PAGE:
Brion Gysin

I could chatter on at great length about Brion Gysin, whose work I first encountered in my teenage years when I read the beat writers and in particular William Burroughs, who I was happy to discover utilised his warped talents in a variety of different media. Gysin was a profound influence on Burroughs creatively and personally. Actually, it turns out that Gysin was a profound influence on many people much more famous than himself, as it seems most people find out about him through their exploration of the work of others.

Anyway, earlier this summer I visited the New Museum exhibition of his work (which ends this week) and it prompted me to re-read Terry Wilson's book of 30 year old interviews conducted with Gysin entitled Here To Go. The title itself references Gysin's answer to the question "What are we here for?"

The answer is of course, "We are Here To Go."

There is a passage in this book that has always stuck with me since I first read it. I had to order a new copy as my original one was lent out and disappeared a long time ago. Having just finished the re-read I thought I'd share the passage in question. Still one of my favourites in the book.

TERRY WILSON - I see here an article about "Copier Art" in which you are quoted. What's that all about?

BRION GYSIN - About nothing at all. Even less than the "Emperor's New Clothes"... which have been hanging on the museum clotheslines for too long. All that shit was replaced by so-called Conceptual Art, which I call Deceptual Art. There is, literally, nothing to it but some cancerous growth out of the Me generation of Americans who were "Spocked" by the ideas of that dumb permissive addle-headed doctor Spock. As Warhol said, anybody can now be a genius for nearly five minutes and a superstar for 15 minutes of public exposure by the media. It will last a little longer if there's a mass product to sell. The trouble with Deceptual Art was that there was a very thin product and even that so ephemeral that no collector in his right mind would want to "invest" in it. All this technological rubbish that has been spewing up from video to polaroid to newly-dubbed "Electroworks" does sell the electronic equipment involved to an over-affluent society of idle housewives who need an "outlet" in programmed "creativity", a way of burning up the bread of the starving Third World and the Fourth and the Fifth on an electric toaster. All this decorative garbage they turn out is what they can pick and choose from as they rollerskate through the air-conditioned supermarket of the arts. It's like painting with numbers and it should stop at the kindergarten. It's not that these things make creation too easy - they have nothing to do with creativity. This is the ugly flab on a fatcat society that burns up everybody else's calories of psychic energy and leaves the whole world impoverished, not enriched.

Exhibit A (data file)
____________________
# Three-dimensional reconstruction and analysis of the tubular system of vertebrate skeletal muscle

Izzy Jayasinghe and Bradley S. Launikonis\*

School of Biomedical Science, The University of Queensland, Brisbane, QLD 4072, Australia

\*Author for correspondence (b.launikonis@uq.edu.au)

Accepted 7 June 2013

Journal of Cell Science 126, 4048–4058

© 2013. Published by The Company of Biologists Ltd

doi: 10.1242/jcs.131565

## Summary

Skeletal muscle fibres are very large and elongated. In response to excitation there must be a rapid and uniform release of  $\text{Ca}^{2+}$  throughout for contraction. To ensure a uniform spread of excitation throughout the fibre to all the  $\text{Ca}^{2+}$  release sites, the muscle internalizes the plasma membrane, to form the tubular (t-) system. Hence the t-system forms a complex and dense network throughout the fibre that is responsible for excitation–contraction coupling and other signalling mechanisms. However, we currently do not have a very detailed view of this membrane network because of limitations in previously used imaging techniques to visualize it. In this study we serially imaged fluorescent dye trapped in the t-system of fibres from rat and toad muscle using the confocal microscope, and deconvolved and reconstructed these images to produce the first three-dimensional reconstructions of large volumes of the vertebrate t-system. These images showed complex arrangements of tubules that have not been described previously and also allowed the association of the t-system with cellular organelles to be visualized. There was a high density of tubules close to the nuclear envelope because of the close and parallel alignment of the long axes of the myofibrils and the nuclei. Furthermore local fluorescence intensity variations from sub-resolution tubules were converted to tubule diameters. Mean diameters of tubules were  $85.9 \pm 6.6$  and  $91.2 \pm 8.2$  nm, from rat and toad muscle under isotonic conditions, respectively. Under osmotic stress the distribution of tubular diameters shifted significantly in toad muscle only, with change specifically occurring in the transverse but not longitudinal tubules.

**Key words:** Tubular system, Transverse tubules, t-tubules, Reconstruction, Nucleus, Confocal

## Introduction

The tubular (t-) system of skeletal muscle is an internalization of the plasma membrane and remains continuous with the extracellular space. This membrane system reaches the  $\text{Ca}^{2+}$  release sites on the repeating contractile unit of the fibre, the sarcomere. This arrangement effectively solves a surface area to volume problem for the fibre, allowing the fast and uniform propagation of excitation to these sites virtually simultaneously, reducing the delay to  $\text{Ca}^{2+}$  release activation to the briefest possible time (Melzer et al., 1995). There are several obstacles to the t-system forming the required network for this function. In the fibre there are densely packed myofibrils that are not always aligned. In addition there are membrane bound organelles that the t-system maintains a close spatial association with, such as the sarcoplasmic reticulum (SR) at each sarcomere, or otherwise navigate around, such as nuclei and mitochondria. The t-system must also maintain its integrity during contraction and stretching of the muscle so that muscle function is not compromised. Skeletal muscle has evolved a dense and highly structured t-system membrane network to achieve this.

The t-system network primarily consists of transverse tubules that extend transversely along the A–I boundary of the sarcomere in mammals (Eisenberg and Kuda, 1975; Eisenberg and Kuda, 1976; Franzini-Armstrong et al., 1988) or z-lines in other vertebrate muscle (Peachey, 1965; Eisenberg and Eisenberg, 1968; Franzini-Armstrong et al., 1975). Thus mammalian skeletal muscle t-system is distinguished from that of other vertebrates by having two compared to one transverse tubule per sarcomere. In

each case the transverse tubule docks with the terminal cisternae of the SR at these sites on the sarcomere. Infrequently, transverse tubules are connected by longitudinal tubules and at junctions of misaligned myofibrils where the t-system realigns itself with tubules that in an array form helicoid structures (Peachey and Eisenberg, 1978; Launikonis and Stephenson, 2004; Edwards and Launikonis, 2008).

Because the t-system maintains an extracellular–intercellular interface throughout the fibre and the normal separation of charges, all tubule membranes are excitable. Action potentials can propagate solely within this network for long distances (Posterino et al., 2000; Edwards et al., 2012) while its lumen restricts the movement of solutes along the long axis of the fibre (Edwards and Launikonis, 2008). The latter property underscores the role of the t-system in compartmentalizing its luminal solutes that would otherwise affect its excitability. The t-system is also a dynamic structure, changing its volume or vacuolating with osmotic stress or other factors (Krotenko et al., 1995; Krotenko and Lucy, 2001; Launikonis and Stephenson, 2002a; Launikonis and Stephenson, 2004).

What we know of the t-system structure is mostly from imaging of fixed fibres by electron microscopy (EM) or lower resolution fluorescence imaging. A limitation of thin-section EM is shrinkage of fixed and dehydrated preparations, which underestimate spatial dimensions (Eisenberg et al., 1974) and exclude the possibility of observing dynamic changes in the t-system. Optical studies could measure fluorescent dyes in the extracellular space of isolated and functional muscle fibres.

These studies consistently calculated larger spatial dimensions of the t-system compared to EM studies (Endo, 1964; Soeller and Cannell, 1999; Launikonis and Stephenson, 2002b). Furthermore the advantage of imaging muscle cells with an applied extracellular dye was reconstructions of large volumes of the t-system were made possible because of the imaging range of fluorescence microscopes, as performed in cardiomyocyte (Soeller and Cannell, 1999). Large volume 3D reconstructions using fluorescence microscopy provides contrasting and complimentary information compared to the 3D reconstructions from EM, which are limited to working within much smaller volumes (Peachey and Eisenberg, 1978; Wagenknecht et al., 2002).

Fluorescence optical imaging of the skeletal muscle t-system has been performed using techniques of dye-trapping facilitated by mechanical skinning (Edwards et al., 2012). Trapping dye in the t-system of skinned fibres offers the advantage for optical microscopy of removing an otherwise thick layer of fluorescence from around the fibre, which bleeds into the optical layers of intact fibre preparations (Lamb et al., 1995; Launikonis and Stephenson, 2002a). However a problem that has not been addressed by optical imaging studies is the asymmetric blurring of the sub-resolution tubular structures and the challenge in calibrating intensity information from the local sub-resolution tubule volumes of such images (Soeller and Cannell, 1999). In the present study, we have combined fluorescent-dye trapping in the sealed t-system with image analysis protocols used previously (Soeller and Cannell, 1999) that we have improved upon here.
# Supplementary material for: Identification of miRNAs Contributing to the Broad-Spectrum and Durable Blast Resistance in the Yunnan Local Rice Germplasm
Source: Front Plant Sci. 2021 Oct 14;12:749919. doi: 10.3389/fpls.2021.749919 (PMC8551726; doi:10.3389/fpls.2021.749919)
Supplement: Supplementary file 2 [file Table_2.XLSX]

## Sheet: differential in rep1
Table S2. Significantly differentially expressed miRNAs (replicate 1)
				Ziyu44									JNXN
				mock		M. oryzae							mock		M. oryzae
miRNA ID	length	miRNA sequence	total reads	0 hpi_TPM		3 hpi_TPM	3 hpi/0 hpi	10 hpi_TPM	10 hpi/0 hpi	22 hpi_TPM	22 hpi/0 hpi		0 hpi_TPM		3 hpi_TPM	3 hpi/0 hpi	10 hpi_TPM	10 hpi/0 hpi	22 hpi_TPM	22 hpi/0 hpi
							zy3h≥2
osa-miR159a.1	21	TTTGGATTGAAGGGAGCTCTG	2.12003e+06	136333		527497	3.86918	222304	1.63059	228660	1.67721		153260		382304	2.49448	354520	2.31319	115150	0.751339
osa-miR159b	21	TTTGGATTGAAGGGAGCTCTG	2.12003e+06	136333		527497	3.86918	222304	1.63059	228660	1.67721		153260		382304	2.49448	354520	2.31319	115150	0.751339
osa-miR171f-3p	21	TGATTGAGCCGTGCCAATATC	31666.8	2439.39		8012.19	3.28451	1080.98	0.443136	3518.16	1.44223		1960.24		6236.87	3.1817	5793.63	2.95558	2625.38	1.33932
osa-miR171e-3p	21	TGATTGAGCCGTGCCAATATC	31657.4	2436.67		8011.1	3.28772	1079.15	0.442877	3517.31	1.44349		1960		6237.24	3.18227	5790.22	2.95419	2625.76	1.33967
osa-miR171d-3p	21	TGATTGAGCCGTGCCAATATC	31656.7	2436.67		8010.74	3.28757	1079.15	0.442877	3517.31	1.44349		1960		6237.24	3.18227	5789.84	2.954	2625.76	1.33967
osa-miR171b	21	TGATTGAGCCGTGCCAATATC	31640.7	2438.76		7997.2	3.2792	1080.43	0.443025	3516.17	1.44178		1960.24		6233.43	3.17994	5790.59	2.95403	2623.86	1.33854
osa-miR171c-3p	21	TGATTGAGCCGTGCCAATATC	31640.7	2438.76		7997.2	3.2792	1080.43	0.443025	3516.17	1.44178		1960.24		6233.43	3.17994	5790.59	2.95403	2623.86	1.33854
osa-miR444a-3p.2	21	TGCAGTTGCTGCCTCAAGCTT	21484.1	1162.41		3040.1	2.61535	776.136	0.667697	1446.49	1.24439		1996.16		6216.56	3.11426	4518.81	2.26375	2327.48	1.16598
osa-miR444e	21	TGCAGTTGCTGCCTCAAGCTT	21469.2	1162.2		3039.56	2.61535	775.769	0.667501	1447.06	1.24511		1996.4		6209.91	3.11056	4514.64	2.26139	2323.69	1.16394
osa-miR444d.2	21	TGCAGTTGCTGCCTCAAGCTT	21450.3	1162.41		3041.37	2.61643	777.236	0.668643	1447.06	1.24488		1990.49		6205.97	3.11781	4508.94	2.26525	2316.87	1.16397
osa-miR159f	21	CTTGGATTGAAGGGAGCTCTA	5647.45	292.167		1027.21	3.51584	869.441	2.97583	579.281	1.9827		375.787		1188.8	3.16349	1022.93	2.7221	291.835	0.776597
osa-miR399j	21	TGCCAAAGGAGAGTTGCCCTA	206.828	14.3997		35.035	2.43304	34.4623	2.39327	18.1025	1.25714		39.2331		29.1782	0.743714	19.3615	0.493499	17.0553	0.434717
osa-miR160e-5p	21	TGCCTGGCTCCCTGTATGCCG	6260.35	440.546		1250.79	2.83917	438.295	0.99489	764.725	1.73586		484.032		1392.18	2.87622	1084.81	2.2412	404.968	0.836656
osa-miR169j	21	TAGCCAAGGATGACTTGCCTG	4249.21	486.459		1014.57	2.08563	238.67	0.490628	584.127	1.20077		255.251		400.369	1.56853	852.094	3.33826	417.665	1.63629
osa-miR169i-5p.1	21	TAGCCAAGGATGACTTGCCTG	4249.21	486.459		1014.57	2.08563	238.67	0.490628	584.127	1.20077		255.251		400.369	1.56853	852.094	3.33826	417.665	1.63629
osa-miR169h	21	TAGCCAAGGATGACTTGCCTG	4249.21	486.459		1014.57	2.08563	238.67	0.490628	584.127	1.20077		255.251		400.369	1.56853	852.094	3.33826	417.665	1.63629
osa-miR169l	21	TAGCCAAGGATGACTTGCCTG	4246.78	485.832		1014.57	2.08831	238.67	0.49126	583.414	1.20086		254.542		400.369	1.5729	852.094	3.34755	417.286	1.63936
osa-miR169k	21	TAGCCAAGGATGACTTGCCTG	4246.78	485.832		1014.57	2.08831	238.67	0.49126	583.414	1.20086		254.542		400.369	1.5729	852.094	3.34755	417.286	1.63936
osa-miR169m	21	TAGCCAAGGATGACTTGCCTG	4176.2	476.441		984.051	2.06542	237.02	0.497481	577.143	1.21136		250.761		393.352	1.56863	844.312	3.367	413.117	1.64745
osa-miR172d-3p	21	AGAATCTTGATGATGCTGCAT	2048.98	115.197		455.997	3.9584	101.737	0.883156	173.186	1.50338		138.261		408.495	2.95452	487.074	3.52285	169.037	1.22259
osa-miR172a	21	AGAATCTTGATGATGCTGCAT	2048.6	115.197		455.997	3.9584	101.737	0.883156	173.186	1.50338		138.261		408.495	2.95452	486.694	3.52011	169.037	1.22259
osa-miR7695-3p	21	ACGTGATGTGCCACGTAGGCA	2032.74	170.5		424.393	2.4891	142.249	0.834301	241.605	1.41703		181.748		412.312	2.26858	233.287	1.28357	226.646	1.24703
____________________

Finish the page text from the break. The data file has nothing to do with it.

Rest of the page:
TERRY WILSON - You have not only practiced photography and incorporated it into your paintings but written and published in french a long text about photography... That means you take it seriously-

BRION GYSIN - Of course I take it seriously. With photography began the whole insane proliferation of images. Previous the the 19th century, most people saw at most one image a week at church or once a year on a pilgrimage. Now images flow past us and through us by the multiple millions, daily. What does that mean and what has it done to us: none of us is quite sure, even now. we have seen revered objects and even whole countries fade under the assault of picture postcards and tourist cameras. in our day, things which had endured from all time have been burnt down, absorbed, obliterated as sure as the beaches of Bali have been overrun by hippies on motorbikes who pass out on speedballs in temples they burn down with an abandoned roach before they catch their cheap charter back home. Get it while it lasts. Use it all up.

And so it goes on.

The guy was clearly off his rocker, but goddamn it if he wasn't right about so many things so I'll have to put him in that raving genius category. He should be on the reading list of every creative arts college course but then if he was the students would probably realise how much of a sham the whole creative arts industry really is.

As he says, "This is the ugly flab on a fatcat society that burns up everybody else's calories of psychic energy and leaves the whole world impoverished, not enriched."

I urge you all to check out some Gysin. I can certainly guess what he would of made of the state of things today.

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